So maybe you thought that having Lisa P. Jackson, Administrator of the Environmental Protection Agency, on The Daily Show would be quite the highlight of the week:
But running a close second? The EPA’s three public hearings on mercury rules, one each in Atlanta, Philadelphia and Chicago (you can listen to audio of some of the testimony here). Reports indicate that they were all exceedingly well attended. From Business Week in regard to the Philly hearings:
Several hundred people, from environmentalists and physicians to mothers and fishermen, testified before a panel of federal environmental officials in Philadelphia on Tuesday to urge the passage of proposed new standards to limit the amount of air pollution that coal-fired power plants can release into the atmosphere.
The Environmental Protection Agency listened to hours of public comment Tuesday on rules to curb emissions of mercury, arsenic, lead, nickel, chromium and acid gases from coal-fired plants. Testimony was mostly in favor of the regulations, which proponents said will reduce airborne toxins that contribute to respiratory illnesses, birth defects and developmental problems in children.
Environmental and medical advocates urged the U.S. Environmental Protection Agency on Tuesday to adopt strict new rules regulating toxic emissions from the nation’s coal-fired power plants, saying it would reduce respiratory illnesses, birth defects and developmental problems in children. But some industry groups said the benefits are exaggerated.
If the proposed rules are adopted, it would be the first time that the EPA regulated toxic air emissions such as mercury, lead, arsenic and acid gas emitted by coal-fired power plants.
The fight over proposed new federal regulations of mercury and toxins landed Thursday in Georgia, where stakes may be among the highest in the nation.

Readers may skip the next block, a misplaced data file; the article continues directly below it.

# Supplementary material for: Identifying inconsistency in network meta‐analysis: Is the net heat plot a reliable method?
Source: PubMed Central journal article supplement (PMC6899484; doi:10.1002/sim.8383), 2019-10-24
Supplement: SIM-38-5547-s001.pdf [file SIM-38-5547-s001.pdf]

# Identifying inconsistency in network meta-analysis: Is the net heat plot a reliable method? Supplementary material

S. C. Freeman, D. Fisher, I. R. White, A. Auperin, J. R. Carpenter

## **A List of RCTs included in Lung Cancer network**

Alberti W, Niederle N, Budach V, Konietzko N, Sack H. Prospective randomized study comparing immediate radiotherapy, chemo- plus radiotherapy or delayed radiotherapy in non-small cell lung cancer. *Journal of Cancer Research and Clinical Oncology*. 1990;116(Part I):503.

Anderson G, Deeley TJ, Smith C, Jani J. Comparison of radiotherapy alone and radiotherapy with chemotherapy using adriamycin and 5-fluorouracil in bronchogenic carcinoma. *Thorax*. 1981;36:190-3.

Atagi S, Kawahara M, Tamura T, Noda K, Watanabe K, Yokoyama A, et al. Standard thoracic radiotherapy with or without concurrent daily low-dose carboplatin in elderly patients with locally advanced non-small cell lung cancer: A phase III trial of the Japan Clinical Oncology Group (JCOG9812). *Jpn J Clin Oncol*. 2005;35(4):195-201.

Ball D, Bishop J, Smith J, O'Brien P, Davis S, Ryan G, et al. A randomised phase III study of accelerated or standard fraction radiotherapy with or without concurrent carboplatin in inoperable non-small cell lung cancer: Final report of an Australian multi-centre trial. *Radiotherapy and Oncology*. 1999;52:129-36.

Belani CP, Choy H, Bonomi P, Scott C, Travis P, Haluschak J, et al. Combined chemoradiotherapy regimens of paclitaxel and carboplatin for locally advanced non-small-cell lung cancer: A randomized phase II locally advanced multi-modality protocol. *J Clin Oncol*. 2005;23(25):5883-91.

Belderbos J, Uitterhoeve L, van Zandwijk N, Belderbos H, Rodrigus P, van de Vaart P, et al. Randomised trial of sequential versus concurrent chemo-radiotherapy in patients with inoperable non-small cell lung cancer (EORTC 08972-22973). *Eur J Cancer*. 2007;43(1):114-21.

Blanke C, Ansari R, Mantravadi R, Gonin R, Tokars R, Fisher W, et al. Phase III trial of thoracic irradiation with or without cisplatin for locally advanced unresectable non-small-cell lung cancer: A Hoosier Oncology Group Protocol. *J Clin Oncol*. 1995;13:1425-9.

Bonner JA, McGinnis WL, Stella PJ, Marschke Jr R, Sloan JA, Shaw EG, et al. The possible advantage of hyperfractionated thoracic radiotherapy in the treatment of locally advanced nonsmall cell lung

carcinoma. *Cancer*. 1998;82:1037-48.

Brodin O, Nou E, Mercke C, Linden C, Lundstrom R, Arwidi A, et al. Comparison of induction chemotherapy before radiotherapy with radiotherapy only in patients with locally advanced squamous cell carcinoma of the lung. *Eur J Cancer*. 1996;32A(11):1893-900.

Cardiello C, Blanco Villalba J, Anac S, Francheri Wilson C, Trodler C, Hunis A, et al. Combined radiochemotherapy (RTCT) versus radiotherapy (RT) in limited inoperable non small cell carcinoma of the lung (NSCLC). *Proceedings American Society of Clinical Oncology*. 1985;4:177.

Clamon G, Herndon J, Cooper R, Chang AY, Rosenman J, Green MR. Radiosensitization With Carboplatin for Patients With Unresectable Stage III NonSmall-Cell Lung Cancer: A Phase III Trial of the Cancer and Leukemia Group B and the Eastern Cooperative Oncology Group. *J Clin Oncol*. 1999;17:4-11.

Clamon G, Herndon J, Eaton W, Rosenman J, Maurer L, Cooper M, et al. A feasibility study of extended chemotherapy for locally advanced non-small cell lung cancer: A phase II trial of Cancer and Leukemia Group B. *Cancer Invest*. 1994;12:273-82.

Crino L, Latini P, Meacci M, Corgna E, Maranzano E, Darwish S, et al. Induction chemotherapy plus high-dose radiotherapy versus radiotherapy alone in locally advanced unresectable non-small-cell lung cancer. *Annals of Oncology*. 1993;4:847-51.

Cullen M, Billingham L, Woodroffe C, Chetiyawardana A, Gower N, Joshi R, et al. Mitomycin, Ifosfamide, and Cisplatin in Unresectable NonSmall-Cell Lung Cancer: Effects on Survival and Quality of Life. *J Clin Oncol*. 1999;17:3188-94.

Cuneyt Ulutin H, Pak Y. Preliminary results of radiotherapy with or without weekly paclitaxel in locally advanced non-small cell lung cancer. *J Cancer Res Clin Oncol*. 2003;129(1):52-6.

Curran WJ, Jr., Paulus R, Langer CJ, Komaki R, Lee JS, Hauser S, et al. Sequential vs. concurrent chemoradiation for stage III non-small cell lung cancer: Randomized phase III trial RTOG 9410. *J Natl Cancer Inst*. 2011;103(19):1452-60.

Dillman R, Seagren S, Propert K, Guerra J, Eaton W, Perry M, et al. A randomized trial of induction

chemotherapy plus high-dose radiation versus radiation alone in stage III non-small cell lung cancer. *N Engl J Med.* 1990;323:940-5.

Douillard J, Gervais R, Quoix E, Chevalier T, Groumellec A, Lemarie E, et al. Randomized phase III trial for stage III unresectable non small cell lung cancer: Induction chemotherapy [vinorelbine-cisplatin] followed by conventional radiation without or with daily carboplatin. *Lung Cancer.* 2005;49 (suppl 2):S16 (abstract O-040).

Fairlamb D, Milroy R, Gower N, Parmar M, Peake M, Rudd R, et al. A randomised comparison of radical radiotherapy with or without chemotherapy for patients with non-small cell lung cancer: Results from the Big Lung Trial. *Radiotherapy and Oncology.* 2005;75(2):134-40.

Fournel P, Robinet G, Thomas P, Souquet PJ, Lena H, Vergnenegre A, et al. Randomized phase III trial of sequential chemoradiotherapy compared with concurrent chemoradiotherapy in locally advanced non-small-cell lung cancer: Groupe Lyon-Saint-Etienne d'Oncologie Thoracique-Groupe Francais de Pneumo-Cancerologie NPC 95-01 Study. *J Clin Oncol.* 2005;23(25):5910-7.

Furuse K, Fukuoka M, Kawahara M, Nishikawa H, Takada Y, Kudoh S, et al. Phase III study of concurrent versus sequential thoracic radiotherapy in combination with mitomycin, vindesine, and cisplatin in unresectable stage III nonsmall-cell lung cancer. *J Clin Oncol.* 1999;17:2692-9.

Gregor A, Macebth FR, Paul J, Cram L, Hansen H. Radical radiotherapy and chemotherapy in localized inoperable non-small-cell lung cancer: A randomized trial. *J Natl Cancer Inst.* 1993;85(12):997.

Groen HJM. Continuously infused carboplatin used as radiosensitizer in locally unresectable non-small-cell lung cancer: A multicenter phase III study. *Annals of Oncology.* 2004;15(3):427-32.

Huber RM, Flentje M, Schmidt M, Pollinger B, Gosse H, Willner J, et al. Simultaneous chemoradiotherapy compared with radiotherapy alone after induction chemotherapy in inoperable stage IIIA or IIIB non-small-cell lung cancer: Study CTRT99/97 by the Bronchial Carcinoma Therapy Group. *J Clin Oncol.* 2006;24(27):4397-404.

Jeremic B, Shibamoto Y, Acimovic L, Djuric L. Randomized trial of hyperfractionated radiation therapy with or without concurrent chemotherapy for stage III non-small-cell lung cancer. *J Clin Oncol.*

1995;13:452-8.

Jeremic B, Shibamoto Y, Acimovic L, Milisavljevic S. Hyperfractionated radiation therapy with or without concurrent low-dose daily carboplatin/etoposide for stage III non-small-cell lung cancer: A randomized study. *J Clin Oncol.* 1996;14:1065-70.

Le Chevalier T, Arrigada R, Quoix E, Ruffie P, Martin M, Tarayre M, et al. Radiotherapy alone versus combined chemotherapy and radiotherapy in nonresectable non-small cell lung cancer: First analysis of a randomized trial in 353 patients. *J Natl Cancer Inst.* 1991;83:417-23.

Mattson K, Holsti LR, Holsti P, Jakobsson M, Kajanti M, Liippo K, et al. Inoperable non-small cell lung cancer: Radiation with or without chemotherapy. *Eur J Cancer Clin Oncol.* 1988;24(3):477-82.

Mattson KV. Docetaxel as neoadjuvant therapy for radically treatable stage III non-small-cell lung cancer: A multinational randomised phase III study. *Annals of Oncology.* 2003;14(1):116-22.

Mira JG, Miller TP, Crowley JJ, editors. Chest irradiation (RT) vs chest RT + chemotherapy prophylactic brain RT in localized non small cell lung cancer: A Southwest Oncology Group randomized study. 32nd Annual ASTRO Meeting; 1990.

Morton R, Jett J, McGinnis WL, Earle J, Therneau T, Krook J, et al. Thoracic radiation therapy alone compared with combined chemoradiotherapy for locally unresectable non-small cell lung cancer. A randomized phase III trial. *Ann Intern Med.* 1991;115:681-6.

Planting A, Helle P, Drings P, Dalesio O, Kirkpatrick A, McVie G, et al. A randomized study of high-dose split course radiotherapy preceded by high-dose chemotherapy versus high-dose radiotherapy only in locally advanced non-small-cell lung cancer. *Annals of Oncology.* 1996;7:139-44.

In Georgia, coal-fired boilers produce more than 70 percent of the electricity. The state also is home to Southern Co., an economic and lobbying powerhouse as well as the largest producer of electricity – mostly from coal plants — in the Southeast.
Both sides of the debate focus largely on cost. Environmental and health care advocates say pollution from coal plants is helping drive up health care costs. Utility and manufacturing officials warn that complying with stricter environmental controls could costs millions of dollars — a price that eventually will show up in customers’ utility bills.
As Alternet chronicles, opponents of the regulations were far and few between and even representatives of the power industry testified in support of the regulations. Witnesses and observers came from surrounding states just to participate.
And so, again, as I’ve written before, we see that activism isn’t a four letter word. It isn’t even a partisan word, no matter how often it may get used to suggest a partisan tone when someone is fighting for something she believes in. It can be as simple as working to get better food options at your kids’ school or a street sign put in where lots of children play and lots of cars drive.
Whether you want to just dip your toes or dive in completely in regard to being active on behalf of our environment and clean air, here are some ways to get started:
The EPA is continuing to accept written comments from the public, but only until July 5. Go here for a great primer on how to do that and where to send the comments.
Browse the EDF’s Clean the Air site for more suggestions on how to engage.
Join the online chat event on June 1, from 2 to 3pm and learn more about how you can get involved and get others involved. As you can see from the previous webinar, the information provided is stunning in terms of just how horrific and pervasive the problems are, and why these regulations are needed for all of us but especially for our children.